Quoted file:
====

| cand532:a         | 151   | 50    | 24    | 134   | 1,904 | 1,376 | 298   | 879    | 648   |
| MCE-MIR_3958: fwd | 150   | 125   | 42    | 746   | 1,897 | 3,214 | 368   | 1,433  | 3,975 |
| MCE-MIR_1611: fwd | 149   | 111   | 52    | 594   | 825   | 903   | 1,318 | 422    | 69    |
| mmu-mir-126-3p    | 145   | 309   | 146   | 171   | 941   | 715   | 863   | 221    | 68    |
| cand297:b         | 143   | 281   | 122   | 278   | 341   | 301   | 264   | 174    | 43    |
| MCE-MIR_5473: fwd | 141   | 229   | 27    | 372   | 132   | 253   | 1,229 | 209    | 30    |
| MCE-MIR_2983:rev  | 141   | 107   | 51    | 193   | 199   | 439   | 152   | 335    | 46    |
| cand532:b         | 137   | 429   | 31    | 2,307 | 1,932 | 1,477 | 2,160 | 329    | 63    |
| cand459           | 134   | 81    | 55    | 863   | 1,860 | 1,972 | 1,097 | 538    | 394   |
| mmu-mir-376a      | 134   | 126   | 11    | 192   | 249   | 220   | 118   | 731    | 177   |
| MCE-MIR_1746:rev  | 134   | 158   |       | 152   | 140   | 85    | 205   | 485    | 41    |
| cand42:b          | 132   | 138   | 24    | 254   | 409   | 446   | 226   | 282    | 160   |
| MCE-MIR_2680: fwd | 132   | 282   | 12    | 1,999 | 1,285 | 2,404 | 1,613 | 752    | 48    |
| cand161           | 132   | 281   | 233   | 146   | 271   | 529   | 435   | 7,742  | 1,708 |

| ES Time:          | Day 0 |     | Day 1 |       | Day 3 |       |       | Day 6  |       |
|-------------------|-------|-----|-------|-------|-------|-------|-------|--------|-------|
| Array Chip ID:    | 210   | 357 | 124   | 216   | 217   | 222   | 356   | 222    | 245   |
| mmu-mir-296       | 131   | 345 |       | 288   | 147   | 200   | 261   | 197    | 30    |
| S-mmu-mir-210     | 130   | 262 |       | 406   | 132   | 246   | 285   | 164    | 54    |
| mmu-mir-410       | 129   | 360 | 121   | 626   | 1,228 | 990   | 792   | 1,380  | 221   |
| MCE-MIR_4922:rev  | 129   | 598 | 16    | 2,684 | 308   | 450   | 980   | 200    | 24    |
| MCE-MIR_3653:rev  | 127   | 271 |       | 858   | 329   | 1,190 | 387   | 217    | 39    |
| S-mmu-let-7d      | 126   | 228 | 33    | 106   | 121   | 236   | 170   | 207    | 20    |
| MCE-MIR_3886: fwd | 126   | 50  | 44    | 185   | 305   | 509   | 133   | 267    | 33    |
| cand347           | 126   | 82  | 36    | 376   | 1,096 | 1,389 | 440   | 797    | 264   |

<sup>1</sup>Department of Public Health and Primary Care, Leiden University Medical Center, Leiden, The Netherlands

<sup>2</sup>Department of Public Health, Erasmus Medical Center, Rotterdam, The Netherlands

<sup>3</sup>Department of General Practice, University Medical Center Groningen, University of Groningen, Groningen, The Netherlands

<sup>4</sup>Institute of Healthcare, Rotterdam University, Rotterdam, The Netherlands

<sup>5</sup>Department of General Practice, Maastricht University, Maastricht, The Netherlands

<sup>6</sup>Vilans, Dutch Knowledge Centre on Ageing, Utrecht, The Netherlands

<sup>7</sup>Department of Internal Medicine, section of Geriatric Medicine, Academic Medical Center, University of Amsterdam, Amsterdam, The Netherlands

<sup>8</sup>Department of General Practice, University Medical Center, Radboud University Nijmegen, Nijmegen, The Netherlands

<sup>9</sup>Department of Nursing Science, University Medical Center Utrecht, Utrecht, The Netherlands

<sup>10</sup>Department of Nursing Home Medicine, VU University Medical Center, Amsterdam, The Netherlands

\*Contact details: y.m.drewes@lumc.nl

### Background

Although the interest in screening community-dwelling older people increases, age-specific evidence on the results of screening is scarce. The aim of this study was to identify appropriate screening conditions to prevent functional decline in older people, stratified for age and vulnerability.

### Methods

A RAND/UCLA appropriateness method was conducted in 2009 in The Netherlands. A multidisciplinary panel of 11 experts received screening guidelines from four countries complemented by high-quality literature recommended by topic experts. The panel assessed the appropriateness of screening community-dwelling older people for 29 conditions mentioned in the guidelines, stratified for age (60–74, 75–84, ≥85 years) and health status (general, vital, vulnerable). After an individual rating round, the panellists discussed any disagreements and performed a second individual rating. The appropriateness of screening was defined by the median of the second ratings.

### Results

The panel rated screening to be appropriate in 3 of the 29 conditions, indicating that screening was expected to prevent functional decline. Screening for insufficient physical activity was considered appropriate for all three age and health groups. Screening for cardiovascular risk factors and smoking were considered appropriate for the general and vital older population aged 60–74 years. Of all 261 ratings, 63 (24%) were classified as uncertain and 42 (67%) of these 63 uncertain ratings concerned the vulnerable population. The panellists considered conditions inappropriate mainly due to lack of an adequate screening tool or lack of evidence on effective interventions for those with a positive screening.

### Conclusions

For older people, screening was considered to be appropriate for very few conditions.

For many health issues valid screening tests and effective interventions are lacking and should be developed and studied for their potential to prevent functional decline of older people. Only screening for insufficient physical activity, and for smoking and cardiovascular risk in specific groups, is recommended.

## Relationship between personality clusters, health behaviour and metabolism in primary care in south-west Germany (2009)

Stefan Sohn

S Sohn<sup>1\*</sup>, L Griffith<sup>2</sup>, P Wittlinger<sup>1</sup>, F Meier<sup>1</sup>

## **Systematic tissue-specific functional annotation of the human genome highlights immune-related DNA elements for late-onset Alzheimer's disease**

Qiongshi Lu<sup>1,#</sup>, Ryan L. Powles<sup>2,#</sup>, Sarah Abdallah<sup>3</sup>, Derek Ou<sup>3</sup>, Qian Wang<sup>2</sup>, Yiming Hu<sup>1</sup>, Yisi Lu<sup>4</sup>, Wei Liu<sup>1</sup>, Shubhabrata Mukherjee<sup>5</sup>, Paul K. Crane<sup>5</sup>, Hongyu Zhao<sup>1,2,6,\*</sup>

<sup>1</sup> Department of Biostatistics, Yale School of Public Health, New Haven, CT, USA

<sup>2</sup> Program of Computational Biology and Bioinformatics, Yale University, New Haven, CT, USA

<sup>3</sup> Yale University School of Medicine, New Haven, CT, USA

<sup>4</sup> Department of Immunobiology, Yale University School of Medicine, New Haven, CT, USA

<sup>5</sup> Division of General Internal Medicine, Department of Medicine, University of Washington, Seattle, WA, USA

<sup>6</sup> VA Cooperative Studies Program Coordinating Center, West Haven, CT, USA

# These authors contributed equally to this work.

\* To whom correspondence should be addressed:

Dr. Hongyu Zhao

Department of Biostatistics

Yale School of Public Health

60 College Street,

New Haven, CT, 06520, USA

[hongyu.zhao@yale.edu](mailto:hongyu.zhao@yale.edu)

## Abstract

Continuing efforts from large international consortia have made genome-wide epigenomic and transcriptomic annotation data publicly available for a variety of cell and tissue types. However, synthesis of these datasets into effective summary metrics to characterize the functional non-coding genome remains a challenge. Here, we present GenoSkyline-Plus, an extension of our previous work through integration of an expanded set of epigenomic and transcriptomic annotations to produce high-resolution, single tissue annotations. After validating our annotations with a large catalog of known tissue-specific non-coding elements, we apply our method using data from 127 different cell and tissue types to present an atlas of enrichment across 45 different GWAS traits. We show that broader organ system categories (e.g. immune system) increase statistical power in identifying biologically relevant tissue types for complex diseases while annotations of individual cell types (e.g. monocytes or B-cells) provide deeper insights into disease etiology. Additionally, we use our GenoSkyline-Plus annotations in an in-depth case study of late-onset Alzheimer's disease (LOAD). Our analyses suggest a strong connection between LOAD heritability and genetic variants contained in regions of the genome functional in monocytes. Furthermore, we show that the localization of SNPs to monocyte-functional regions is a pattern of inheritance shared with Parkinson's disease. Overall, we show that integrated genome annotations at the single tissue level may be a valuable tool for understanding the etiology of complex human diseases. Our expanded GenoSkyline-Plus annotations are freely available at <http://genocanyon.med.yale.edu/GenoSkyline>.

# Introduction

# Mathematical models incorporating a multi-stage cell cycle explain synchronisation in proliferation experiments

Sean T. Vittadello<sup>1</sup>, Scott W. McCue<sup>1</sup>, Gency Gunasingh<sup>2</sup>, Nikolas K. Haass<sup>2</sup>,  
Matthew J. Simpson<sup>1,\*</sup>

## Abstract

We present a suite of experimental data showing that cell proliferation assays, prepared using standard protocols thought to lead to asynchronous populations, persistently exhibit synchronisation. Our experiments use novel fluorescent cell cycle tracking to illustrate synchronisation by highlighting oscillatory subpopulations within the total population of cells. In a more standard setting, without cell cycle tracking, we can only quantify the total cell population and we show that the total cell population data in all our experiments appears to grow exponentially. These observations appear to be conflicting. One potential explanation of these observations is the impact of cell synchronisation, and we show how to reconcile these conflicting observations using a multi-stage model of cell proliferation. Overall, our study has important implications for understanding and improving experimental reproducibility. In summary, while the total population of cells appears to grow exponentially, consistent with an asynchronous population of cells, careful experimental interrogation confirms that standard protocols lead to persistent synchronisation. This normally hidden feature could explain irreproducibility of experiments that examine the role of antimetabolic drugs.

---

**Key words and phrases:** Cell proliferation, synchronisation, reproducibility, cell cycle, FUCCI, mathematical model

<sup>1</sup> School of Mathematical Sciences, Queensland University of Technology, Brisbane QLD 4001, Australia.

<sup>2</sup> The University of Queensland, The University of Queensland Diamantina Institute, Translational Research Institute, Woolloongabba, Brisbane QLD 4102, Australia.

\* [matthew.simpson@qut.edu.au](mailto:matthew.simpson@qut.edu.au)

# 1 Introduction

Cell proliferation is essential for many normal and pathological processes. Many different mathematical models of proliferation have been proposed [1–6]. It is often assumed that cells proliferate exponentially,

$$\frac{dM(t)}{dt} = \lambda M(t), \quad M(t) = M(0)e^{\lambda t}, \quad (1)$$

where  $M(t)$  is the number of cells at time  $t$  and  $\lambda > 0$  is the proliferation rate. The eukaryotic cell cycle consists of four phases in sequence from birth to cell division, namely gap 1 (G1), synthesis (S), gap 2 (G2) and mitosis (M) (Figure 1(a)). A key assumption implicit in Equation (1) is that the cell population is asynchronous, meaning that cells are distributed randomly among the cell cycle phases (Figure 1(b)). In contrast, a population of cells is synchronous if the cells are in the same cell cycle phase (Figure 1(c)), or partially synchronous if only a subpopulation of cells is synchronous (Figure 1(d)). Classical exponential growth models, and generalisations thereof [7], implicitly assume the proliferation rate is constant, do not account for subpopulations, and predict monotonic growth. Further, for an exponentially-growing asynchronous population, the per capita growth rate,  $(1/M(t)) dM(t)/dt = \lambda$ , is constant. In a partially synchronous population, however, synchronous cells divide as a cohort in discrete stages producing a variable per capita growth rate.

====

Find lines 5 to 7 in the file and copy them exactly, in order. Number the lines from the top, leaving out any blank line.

| cand297:b         | 143   | 281   | 122   | 278   | 341   | 301   | 264   | 174    | 43    |
| MCE-MIR_5473: fwd | 141   | 229   | 27    | 372   | 132   | 253   | 1,229 | 209    | 30    |
| MCE-MIR_2983:rev  | 141   | 107   | 51    | 193   | 199   | 439   | 152   | 335    | 46    |